Thanks for contacting us. I am not sure if you have read our article "French Education System - Schools in France", but this gives information on how to find schools. Basically many people find schools through word of mouth, as well as using forums such as Hobos in France and Total France. It doesn't sound from your email as if you know exactly where you will be living yet, but once you do, in order to find private schools or state (public) schools in your area, I would suggest that you contact your local Académie (or Education Authority equivalent) for your area, which you can find from the website at www. education.gouv.fr. I would also suggest that you contact your Mairie, who will be able to let you know which commune you are in, as this will affect which schools your children will be able to go to. Though if you want to stick to Catholic schools, you will probably need to go down the private route. You may find the site www.fabert.com useful, as this lists private schools in all areas of France. Meanwhile a list of International Schools in France can be found at http://france.english-schools.org/. An International School may be worth considering should you be worried about language problems.
We are Americans living in France with three primary grade children. We are flexible as to where we live. Is there of any way of getting the name of that Catholic School. It sounds like exactly what we are looking for. Thank you!
Thanks for contacting us. I have been in touch with my colleague Joanna, who wrote the article and lived in the Aude in Languedoc-Roussillon, and she says:
"There are two Jeanne D'Arc schools, one in Castelnaudary, where my kids went, which takes from little ones to Brevet (age about 15), and one in Carcassonne. Carcassonne also has a lycee (Stanislas) for older kids that feeds on from those schools in Carcassonne."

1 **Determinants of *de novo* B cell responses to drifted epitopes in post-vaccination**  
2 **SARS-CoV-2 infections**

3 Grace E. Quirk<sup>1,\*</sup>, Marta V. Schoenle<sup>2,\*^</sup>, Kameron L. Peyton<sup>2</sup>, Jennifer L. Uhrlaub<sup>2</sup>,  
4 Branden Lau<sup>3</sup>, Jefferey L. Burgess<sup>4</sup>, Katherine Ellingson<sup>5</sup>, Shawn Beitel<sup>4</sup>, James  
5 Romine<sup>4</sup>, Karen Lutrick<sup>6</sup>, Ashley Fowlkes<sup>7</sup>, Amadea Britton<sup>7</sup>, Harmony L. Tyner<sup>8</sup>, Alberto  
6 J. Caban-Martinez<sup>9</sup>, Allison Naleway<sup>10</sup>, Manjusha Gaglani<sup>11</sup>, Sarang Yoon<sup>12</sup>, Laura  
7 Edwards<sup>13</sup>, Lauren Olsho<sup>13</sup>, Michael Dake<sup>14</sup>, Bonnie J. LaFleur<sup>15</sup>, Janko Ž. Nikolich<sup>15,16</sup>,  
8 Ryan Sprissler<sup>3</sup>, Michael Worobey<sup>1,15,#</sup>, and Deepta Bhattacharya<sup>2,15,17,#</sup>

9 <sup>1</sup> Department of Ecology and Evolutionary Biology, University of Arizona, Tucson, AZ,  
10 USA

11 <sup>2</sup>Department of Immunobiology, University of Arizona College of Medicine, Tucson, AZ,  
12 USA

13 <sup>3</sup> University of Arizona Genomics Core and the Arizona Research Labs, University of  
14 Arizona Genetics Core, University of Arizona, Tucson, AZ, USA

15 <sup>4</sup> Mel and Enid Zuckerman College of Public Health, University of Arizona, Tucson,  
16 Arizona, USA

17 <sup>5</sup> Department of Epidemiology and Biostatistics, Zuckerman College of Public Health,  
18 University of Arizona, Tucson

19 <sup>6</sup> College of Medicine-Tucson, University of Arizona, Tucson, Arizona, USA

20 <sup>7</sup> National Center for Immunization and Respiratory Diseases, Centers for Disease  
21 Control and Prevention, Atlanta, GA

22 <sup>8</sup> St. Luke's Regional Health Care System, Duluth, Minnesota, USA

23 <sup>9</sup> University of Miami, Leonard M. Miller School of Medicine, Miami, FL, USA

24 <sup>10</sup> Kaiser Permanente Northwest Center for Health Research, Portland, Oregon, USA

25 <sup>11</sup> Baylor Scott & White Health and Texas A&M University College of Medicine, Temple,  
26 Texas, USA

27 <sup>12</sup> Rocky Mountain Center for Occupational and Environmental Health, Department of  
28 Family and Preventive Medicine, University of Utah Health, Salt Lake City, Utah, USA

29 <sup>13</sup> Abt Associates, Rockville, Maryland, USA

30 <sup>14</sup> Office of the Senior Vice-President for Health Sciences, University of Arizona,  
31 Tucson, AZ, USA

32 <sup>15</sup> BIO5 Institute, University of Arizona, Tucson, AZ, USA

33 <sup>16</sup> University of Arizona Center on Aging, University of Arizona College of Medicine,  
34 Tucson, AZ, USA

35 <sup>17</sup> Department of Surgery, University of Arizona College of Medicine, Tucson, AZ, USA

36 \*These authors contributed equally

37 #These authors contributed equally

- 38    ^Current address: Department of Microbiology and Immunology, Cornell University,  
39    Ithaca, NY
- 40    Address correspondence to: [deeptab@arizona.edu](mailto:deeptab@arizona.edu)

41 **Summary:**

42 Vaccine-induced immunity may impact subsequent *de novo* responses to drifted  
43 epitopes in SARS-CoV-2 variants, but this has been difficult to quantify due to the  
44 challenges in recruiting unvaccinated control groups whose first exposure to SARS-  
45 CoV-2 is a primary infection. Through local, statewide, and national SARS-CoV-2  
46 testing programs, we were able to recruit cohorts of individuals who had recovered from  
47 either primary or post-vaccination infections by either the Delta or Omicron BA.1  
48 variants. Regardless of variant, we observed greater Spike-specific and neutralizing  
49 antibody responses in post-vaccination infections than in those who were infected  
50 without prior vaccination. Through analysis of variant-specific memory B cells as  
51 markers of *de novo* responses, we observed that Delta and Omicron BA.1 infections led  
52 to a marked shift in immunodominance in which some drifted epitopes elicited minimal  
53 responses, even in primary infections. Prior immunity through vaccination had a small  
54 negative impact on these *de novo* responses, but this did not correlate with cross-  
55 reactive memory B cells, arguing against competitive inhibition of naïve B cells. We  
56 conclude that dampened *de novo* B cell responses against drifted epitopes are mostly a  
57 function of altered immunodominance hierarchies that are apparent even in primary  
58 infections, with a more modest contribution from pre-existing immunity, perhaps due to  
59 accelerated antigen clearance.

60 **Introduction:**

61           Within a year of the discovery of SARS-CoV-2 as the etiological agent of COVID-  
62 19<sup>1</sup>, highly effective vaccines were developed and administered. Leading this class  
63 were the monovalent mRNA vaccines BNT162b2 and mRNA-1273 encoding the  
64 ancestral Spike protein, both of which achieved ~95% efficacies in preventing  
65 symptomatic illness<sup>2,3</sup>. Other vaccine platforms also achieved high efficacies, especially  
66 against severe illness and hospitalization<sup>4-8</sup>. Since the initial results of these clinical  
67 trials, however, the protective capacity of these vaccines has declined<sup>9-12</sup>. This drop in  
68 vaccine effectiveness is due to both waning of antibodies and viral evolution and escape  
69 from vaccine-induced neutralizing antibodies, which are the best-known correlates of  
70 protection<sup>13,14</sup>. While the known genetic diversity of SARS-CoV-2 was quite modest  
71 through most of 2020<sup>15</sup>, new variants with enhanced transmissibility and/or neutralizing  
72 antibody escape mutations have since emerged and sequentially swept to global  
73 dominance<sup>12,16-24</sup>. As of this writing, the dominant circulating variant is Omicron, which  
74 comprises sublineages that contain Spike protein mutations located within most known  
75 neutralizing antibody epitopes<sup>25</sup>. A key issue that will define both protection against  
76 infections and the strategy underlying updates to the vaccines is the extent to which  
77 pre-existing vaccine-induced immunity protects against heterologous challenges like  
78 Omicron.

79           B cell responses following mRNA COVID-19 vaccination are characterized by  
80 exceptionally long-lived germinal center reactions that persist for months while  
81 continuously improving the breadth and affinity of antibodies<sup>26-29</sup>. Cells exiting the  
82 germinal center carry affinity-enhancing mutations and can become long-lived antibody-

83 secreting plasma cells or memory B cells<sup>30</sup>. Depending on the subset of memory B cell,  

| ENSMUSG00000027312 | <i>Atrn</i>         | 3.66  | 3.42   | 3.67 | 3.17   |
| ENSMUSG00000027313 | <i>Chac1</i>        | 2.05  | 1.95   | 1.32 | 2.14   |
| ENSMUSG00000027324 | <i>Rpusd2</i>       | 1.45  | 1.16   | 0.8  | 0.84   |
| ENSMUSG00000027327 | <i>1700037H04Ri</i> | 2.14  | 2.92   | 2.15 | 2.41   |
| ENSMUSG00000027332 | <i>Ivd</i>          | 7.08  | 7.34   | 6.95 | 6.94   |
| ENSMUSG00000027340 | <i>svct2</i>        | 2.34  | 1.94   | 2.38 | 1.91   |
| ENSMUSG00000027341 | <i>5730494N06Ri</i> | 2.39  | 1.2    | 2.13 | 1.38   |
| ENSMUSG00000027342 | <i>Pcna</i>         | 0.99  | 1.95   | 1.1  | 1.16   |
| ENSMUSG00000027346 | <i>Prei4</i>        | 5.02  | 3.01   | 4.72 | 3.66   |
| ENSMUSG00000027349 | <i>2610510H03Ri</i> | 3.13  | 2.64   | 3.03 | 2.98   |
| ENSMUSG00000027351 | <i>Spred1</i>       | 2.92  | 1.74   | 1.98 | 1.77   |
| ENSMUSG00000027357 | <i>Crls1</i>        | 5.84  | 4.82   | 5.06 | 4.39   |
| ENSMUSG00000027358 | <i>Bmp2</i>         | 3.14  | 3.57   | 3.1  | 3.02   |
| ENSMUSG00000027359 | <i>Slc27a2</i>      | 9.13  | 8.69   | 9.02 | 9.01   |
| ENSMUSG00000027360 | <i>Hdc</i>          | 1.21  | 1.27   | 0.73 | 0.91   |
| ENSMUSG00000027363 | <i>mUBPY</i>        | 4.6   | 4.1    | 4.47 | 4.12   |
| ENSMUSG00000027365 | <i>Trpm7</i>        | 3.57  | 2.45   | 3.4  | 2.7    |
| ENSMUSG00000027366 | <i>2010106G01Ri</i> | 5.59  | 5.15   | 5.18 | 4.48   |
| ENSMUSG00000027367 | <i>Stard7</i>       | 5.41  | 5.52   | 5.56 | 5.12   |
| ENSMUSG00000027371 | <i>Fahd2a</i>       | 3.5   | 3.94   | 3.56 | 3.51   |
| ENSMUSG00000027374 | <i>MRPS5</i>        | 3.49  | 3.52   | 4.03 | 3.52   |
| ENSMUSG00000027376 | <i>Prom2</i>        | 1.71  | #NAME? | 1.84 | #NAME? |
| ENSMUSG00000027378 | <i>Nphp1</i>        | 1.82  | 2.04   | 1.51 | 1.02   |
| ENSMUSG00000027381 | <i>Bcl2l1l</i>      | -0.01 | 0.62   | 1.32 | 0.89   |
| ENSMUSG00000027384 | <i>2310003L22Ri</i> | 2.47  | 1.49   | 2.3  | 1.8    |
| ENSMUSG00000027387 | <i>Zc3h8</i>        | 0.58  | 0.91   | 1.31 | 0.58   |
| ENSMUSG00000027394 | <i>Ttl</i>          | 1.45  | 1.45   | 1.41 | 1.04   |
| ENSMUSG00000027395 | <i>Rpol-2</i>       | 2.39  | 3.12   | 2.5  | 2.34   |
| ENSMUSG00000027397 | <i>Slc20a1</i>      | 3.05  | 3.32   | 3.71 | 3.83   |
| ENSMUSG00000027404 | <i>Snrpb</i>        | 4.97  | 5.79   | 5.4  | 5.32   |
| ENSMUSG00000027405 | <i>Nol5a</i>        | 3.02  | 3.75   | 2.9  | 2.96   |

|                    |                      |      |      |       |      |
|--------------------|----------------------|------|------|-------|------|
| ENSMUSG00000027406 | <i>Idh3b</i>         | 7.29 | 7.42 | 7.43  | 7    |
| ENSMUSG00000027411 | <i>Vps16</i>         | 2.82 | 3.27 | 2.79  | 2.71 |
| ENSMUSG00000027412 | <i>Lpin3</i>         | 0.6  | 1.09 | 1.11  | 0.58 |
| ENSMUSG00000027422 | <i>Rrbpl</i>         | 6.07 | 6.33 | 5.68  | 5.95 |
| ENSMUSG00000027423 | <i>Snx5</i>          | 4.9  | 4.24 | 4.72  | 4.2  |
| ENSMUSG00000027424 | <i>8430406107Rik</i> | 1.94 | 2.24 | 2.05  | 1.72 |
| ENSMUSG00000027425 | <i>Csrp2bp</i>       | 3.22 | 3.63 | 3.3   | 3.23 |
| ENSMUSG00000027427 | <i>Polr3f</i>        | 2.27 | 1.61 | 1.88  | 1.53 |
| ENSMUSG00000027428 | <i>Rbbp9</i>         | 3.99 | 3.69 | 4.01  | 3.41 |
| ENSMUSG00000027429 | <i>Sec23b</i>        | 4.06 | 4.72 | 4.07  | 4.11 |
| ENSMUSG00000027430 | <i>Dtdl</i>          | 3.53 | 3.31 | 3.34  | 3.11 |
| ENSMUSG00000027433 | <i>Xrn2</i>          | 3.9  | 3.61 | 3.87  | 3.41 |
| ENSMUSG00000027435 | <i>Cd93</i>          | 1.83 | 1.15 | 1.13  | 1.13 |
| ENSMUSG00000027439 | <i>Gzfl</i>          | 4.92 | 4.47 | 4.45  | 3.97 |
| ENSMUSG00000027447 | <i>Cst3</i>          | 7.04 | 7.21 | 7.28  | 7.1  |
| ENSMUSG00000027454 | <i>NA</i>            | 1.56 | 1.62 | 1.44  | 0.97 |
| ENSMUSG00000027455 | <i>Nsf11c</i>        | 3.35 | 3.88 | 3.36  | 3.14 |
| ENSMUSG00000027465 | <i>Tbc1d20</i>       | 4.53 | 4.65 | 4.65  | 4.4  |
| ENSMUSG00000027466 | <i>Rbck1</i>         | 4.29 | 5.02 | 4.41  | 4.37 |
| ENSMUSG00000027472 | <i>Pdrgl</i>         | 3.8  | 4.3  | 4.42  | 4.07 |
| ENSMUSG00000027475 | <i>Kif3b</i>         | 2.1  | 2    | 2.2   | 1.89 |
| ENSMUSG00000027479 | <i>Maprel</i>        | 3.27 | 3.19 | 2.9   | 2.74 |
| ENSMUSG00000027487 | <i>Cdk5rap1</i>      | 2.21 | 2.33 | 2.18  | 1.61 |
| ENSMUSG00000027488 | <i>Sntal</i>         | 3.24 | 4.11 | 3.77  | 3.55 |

The links are as follows:
I have just moved to France with my family and my son is three in December. What do I do next? In the UK I would be now sending him four times a week to nursery, three mornings and one full day. Seems far too much to send him straight into full-time school, is there anything in-between I can do?
Thanks for contacting us. You might also like to read our article "French Education System - Schools in France" (http://www.frenchpropertylinks.com/essential/schools-france.html) if you haven't already done so. Here we mention that children aged 2-5 go to Ecole Maternelle in France, which is the equivalent of nursery school in the UK. In order to find private nursery schools or state (public) nursery schools in your area, I would suggest that you contact your local Académie (or Education Authority equivalent) for your area, which you can find from the website at www. education.gouv.fr. You can also find out about Ecole Maternelle from this site, as well as obtaining a list of schools.
I would also suggest that you contact your Mairie, who will be able to let you know which commune you are in, as this will affect which schools your son will be able to go to.
And if you are wanting an English speaking school, a list of International Schools in France can be found at http://france.english-schools.org/.
Your article is most interesting and helpful! My fifteen-year old daughter (9th grade in U.S. this year) will be living in Lille next year with a host family. The host mother is strongly recommending she go to 3eme in a Catholic school. It is the best school in Lille, she says. Her eleven-year old daughter will be attending this school. However, we have been advised by my daughter's current French teacher, who was educated in France, that this would be a setback for her both academically and socially. My daughter wants to go into Seconde to be with students her own age. We don't know how to find the best public lycee in Lille. Do you have any recommendations? Many, many thanks!
Thanks for contacting us. I have been in touch with my colleague Joanna who wrote our articles on schooling in France, and she says:
"If you were moving permanently to France and your daughter isn't fluent in French, it would be advisable to be in a lower class probably, this is very normal in France. Though if it is only for a year, I can't see how it will make much difference if she goes to seconde. She will struggle with French anyway unless she speaks it already, so maybe seconde is the best idea after all. Equally, if it is for the year's experience rather than academic reasons, she is better in her own age group. And it will make no difference, public or private, though private may make life a little easier as she will have smaller classes and maybe more help with the language."